It’s hard to believe that the holidays are already winding to a close, with the New Year just around the corner! There is still time to catch a Pueblo dance, however, and I recommend this experience highly. I have been attending dances for years, and there is always something new to discover. No pictures, of course, since photography is a big taboo at the Pueblos, so let’s see if my description is enough to pique some interest.

Tesuque, my favorite Pueblo – an enjoyment also influenced by proximity, I admit –  had several Christmas dances from which to choose. I always intend to see more than one dance, but it never seems to work out that way. As close as Tesuque Pueblo is, it’s still north of Santa Fe, I live 17 miles south already, and somehow, the holidays hold a great capacity for hanging around doing nothing. This year’s dance roster offered much to enjoy. Christmas Eve dances were held right before Midnight Mass (well, 11pm, that is), and I learned from my Tesuque pals, that instead of dancing inside the church, the dancers were outside in the Plaza, BRRRR! Christmas Day was a Standing Deer Dance, always a memorable dance with the pine boughs and antlers on the men’s heads, but after making a big Christmas Eve feast, I just couldn’t budge from home. I also missed Saturday, December 26, which was a Snowbird Dance, something I have never seen but will keep in mind for the future.

I did manage to get out to Tesuque finally on Sunday the 27th, and I am glad I did.  This was also a dance I hadn’t seen, a Bull Dance, comprised of men only (52 of them, we  counted), each with faces painted black on top, white on the bottom and with a red horizontal stripe across the nose, for some of them. It was no surprise to see that they wore cattle horns. In their left hands, they held a gourd rattle, in the right hand, I regret to say, I don’t remember, pine boughs, maybe? (pine boughs seems to be a winter thing). The dancers wore percussive anklets, there was a single drummer wrapped in a deer-hide, and one lead dance captain with two other dance captains. The dancers also did the singing, which is not as common as a separate group of singers with several drums. The dancers spread out in a line, and moved in a U-shape from one side of the Plaza to the other, and when they moved, in between dances, they bellowed (you can’t say they moo-ed, since they’re men, but the sound was definitely moo-ish). It reminded me of the Christmas Carol that sings, “the cattle are lowing…” We stood on the sunny side of the Plaza, all bundled up and when we turned around, we realized yet again, that Tesuque and indeed all of the New Mexico Pueblos simply possess some of the best views in the state. This is as it should be.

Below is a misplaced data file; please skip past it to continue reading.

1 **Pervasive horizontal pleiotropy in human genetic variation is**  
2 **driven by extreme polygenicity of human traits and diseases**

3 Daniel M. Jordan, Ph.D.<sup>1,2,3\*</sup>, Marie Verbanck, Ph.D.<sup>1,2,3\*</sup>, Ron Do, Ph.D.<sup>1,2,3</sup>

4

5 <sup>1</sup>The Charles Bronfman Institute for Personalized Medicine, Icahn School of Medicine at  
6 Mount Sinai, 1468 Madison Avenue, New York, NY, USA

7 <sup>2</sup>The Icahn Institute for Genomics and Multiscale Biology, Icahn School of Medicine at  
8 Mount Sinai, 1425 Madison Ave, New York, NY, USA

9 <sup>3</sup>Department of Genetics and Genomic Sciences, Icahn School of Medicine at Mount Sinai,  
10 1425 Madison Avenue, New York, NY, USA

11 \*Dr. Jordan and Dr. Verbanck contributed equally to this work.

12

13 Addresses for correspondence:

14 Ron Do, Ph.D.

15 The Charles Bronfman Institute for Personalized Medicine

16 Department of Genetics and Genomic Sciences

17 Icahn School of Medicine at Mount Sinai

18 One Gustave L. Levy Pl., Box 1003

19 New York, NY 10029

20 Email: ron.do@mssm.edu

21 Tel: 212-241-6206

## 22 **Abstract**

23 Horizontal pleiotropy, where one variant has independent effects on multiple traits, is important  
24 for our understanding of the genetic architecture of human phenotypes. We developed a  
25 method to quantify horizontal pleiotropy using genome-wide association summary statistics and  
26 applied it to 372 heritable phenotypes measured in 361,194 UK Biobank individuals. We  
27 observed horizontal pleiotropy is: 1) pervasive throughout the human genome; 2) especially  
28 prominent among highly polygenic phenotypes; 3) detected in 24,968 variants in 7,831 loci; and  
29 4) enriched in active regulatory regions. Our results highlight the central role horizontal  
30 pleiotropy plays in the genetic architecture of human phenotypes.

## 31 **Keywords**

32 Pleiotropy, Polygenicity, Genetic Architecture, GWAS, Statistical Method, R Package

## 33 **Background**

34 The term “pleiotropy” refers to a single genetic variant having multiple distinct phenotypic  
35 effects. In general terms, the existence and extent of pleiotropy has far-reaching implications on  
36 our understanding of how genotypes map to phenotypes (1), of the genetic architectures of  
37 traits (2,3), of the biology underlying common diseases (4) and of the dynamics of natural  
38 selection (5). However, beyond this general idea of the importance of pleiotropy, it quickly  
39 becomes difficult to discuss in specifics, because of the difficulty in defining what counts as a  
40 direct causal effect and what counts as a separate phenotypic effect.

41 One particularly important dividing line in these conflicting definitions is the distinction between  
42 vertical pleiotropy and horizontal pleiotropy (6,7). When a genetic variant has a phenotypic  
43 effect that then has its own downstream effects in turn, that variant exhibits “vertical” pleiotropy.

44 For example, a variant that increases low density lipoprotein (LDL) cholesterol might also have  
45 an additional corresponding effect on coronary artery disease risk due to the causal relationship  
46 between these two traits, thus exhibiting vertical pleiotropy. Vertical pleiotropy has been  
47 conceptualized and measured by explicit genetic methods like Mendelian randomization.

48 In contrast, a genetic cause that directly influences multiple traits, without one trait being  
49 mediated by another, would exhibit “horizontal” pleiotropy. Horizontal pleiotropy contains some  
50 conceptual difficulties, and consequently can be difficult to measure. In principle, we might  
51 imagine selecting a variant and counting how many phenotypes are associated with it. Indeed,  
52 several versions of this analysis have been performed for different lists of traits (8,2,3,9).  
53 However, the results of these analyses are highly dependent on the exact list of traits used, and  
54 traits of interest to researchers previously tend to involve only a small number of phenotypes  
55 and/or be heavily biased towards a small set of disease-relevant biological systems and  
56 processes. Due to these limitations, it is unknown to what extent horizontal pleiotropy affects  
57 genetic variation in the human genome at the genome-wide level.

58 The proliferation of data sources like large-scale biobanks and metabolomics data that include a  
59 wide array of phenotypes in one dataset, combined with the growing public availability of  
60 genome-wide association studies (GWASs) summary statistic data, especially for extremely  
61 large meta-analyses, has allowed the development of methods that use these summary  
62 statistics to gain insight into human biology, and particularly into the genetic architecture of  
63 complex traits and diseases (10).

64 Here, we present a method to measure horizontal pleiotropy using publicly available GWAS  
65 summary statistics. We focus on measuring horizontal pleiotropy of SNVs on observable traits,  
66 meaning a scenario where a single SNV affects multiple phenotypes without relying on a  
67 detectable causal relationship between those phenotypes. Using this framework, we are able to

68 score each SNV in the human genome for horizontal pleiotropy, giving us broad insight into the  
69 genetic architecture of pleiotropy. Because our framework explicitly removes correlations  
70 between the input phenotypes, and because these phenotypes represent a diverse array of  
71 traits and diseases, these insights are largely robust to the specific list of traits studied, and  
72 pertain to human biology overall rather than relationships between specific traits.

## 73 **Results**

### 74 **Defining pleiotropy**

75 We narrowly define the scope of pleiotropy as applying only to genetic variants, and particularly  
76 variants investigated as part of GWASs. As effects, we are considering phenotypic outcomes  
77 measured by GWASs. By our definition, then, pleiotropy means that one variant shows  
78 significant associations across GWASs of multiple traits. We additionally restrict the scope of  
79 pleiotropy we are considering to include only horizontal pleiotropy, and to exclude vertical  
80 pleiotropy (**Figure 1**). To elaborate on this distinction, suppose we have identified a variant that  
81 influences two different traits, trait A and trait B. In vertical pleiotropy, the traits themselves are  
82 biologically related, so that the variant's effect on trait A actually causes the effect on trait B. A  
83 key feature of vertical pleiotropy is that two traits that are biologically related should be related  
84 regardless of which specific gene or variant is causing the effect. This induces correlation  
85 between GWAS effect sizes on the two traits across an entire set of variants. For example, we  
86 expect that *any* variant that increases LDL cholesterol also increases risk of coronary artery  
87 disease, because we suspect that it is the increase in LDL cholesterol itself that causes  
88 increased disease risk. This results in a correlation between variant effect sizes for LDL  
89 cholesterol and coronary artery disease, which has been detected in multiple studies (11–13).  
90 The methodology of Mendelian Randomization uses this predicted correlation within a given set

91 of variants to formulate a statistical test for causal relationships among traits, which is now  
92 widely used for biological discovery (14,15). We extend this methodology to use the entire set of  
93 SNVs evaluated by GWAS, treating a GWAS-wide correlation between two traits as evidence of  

If the two weeks of Christmas have passed you by, there is still time to visit the Pueblos for one of these timeless experiences.  Many Pueblos also hold January dances, more for King’s Day, January 6, when new governors are sworn in, than for the New Year, and at the end of the month, there is even an individual feast day at San Ildefonso (with fantastic Black Mesa in the distance) on January 23.  Dances generally take place at intervals throughout the day; if you want an earlier start to your day, arriving around 11 a.m. is a good time. After lunch, the dancers will come out of the kiva again, and there will be one more dance before the day ends and the sun sets. As always, check to be sure that dances are open to the public, that you are aware of proper etiquette and that you are dressed for January weather.